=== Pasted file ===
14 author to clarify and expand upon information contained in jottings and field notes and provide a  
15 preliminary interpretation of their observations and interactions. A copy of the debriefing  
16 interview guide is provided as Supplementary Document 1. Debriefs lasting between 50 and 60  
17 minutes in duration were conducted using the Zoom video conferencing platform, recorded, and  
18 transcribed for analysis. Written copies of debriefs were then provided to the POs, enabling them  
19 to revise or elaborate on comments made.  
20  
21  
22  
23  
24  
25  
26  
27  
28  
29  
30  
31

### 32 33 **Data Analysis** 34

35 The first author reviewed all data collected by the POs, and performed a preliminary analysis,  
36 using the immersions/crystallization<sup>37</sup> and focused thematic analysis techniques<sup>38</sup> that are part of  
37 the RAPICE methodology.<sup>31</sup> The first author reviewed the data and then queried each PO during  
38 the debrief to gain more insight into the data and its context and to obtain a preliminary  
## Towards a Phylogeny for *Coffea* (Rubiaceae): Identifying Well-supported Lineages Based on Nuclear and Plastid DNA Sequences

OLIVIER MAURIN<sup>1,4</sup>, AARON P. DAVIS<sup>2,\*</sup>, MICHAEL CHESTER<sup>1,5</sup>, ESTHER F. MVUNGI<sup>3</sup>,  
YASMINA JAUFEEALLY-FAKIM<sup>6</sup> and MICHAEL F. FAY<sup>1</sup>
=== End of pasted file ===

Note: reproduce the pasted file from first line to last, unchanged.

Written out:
14 author to clarify and expand upon information contained in jottings and field notes and provide a  
15 preliminary interpretation of their observations and interactions. A copy of the debriefing  
16 interview guide is provided as Supplementary Document 1. Debriefs lasting between 50 and 60  
17 minutes in duration were conducted using the Zoom video conferencing platform, recorded, and  
18 transcribed for analysis. Written copies of debriefs were then provided to the POs, enabling them  
19 to revise or elaborate on comments made.  
20  
21  
22  
23  
24  
25  
26  
27  
28  
29  
30  
31

### 32 33 **Data Analysis** 34

35 The first author reviewed all data collected by the POs, and performed a preliminary analysis,  
36 using the immersions/crystallization<sup>37</sup> and focused thematic analysis techniques<sup>38</sup> that are part of  
37 the RAPICE methodology.<sup>31</sup> The first author reviewed the data and then queried each PO during  
38 the debrief to gain more insight into the data and its context and to obtain a preliminary  
## Towards a Phylogeny for *Coffea* (Rubiaceae): Identifying Well-supported Lineages Based on Nuclear and Plastid DNA Sequences

OLIVIER MAURIN<sup>1,4</sup>, AARON P. DAVIS<sup>2,\*</sup>, MICHAEL CHESTER<sup>1,5</sup>, ESTHER F. MVUNGI<sup>3</sup>,  
YASMINA JAUFEEALLY-FAKIM<sup>6</sup> and MICHAEL F. FAY<sup>1</sup>